Therefore, one can argue theoretically that Jammu and Kashmir is free to decide that it will be represented by any legislative body instead of the Constituent Assembly, on the question of ending Article 370’s operation — which is a question of ending the treaty between Jammu and Kashmir and the Union of India. There is no situation in which India can decide for Jammu and Kashmir that a State Assembly can stand in for the Constituent Assembly. This is because, as shown earlier, Article 370(3) continues to apply to India regardless of how the Presidential Order modifies it for Jammu and Kashmir.
In short, only if both Jammu and Kashmir and India were in consensus could Article 370 have been abrogated, and that too by proceeding under Article 370(3) and not Article 370(1) of the Indian Constitution. So long as Jammu and Kashmir wants to retain special status in regard to the Indian State, Article 370 is effectively incapable of revocation or abrogation. The Supreme Court has thus also heldthat Article 370 is permanent, effectively.
Is there any way in which President’s Order can be considered constitutionally legitimate?
Even if we can somehow ignore that the President’s Order attempts to extend Article 370(3) of the Indian Constitution to Jammu and Kashmir — which Article 370(1)(d) does not allow the President to do — there is no way to save this Order. This is because a Presidential Order under Article 370(1)(d) requires the “concurrence of the Government” of Jammu and Kashmir, if it aims to extend the Indian Constitution to Jammu and Kashmir on matters not covered by the Instrument of Accession. This is specially provided in the second proviso to Article 370(1).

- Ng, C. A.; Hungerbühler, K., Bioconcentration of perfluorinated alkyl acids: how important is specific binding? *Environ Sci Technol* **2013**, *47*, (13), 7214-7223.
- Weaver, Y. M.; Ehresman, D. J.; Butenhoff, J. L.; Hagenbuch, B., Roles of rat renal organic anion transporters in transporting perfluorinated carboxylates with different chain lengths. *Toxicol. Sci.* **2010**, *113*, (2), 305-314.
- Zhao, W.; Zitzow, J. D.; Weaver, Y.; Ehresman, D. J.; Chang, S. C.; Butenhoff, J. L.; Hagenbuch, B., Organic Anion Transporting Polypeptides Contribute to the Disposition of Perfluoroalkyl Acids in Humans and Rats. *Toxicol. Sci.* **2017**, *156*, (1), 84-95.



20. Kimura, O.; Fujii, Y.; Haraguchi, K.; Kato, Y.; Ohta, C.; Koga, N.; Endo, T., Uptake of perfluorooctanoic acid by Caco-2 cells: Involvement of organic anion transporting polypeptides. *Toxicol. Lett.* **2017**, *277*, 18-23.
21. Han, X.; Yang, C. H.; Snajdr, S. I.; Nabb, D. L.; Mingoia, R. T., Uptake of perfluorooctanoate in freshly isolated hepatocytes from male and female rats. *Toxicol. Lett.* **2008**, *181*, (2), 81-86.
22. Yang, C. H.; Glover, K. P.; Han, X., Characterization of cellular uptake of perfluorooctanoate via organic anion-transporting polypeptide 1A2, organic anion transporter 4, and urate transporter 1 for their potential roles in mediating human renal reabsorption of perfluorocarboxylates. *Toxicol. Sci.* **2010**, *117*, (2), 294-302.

We know that Jammu and Kashmir has been under President’s rule for over a year now. This implies that Jammu and Kashmir is not governed by its own elected representatives, but is being run by an officer of the President of India — presently Governor Satya Pal Mallik. Therefore, it remains unclear as to how the Indian Government can argue that it has obtained the “concurrence” of the Government of Jammu and Kashmir.